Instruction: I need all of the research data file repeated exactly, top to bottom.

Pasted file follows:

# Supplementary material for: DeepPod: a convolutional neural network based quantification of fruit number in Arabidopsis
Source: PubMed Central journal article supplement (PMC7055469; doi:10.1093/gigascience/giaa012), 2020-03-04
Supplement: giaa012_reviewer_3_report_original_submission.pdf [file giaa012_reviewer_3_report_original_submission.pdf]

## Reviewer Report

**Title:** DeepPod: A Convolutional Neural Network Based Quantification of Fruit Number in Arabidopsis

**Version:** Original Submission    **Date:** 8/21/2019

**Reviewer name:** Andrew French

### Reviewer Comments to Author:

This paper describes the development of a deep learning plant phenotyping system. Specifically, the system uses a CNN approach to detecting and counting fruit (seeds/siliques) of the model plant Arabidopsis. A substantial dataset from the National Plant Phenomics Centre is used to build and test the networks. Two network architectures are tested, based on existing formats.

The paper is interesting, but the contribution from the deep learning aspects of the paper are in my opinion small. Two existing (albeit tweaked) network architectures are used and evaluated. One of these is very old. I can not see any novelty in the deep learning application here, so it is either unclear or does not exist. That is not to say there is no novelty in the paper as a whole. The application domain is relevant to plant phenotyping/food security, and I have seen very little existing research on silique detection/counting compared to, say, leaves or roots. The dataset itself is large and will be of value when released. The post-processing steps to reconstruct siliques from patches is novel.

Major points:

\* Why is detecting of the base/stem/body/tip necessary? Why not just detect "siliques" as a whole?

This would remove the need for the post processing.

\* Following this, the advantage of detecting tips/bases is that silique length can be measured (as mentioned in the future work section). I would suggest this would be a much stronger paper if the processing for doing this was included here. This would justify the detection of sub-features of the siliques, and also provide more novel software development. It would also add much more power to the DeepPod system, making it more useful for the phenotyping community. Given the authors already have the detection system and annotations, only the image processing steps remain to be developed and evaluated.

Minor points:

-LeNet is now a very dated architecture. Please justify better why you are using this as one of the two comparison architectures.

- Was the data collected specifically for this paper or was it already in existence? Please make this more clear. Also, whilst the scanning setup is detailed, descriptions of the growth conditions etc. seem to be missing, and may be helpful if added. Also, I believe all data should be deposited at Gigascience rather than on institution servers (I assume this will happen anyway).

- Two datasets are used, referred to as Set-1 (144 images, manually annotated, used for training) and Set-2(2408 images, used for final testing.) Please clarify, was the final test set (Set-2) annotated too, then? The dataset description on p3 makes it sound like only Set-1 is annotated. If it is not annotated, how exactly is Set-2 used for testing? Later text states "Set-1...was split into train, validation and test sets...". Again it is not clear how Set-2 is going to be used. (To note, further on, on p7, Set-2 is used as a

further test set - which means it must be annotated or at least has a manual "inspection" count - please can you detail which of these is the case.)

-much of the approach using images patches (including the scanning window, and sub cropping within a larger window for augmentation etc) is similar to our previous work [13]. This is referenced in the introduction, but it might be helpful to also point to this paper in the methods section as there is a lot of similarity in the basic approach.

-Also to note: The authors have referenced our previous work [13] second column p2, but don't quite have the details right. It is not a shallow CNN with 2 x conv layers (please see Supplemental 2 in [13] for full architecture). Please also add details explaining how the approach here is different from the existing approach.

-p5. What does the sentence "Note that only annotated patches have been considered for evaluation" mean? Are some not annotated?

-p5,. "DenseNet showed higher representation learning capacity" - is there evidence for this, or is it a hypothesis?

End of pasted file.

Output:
# Supplementary material for: DeepPod: a convolutional neural network based quantification of fruit number in Arabidopsis
Source: PubMed Central journal article supplement (PMC7055469; doi:10.1093/gigascience/giaa012), 2020-03-04
Supplement: giaa012_reviewer_3_report_original_submission.pdf [file giaa012_reviewer_3_report_original_submission.pdf]

## Reviewer Report

**Title:** DeepPod: A Convolutional Neural Network Based Quantification of Fruit Number in Arabidopsis

**Version:** Original Submission    **Date:** 8/21/2019

**Reviewer name:** Andrew French

### Reviewer Comments to Author:

This paper describes the development of a deep learning plant phenotyping system. Specifically, the system uses a CNN approach to detecting and counting fruit (seeds/siliques) of the model plant Arabidopsis. A substantial dataset from the National Plant Phenomics Centre is used to build and test the networks. Two network architectures are tested, based on existing formats.

The paper is interesting, but the contribution from the deep learning aspects of the paper are in my opinion small. Two existing (albeit tweaked) network architectures are used and evaluated. One of these is very old. I can not see any novelty in the deep learning application here, so it is either unclear or does not exist. That is not to say there is no novelty in the paper as a whole. The application domain is relevant to plant phenotyping/food security, and I have seen very little existing research on silique detection/counting compared to, say, leaves or roots. The dataset itself is large and will be of value when released. The post-processing steps to reconstruct siliques from patches is novel.

Major points:

\* Why is detecting of the base/stem/body/tip necessary? Why not just detect "siliques" as a whole?

This would remove the need for the post processing.

\* Following this, the advantage of detecting tips/bases is that silique length can be measured (as mentioned in the future work section). I would suggest this would be a much stronger paper if the processing for doing this was included here. This would justify the detection of sub-features of the siliques, and also provide more novel software development. It would also add much more power to the DeepPod system, making it more useful for the phenotyping community. Given the authors already have the detection system and annotations, only the image processing steps remain to be developed and evaluated.

Minor points:

-LeNet is now a very dated architecture. Please justify better why you are using this as one of the two comparison architectures.

- Was the data collected specifically for this paper or was it already in existence? Please make this more clear. Also, whilst the scanning setup is detailed, descriptions of the growth conditions etc. seem to be missing, and may be helpful if added. Also, I believe all data should be deposited at Gigascience rather than on institution servers (I assume this will happen anyway).

- Two datasets are used, referred to as Set-1 (144 images, manually annotated, used for training) and Set-2(2408 images, used for final testing.) Please clarify, was the final test set (Set-2) annotated too, then? The dataset description on p3 makes it sound like only Set-1 is annotated. If it is not annotated, how exactly is Set-2 used for testing? Later text states "Set-1...was split into train, validation and test sets...". Again it is not clear how Set-2 is going to be used. (To note, further on, on p7, Set-2 is used as a

further test set - which means it must be annotated or at least has a manual "inspection" count - please can you detail which of these is the case.)

-much of the approach using images patches (including the scanning window, and sub cropping within a larger window for augmentation etc) is similar to our previous work [13]. This is referenced in the introduction, but it might be helpful to also point to this paper in the methods section as there is a lot of similarity in the basic approach.

-Also to note: The authors have referenced our previous work [13] second column p2, but don't quite have the details right. It is not a shallow CNN with 2 x conv layers (please see Supplemental 2 in [13] for full architecture). Please also add details explaining how the approach here is different from the existing approach.

-p5. What does the sentence "Note that only annotated patches have been considered for evaluation" mean? Are some not annotated?

-p5,. "DenseNet showed higher representation learning capacity" - is there evidence for this, or is it a hypothesis?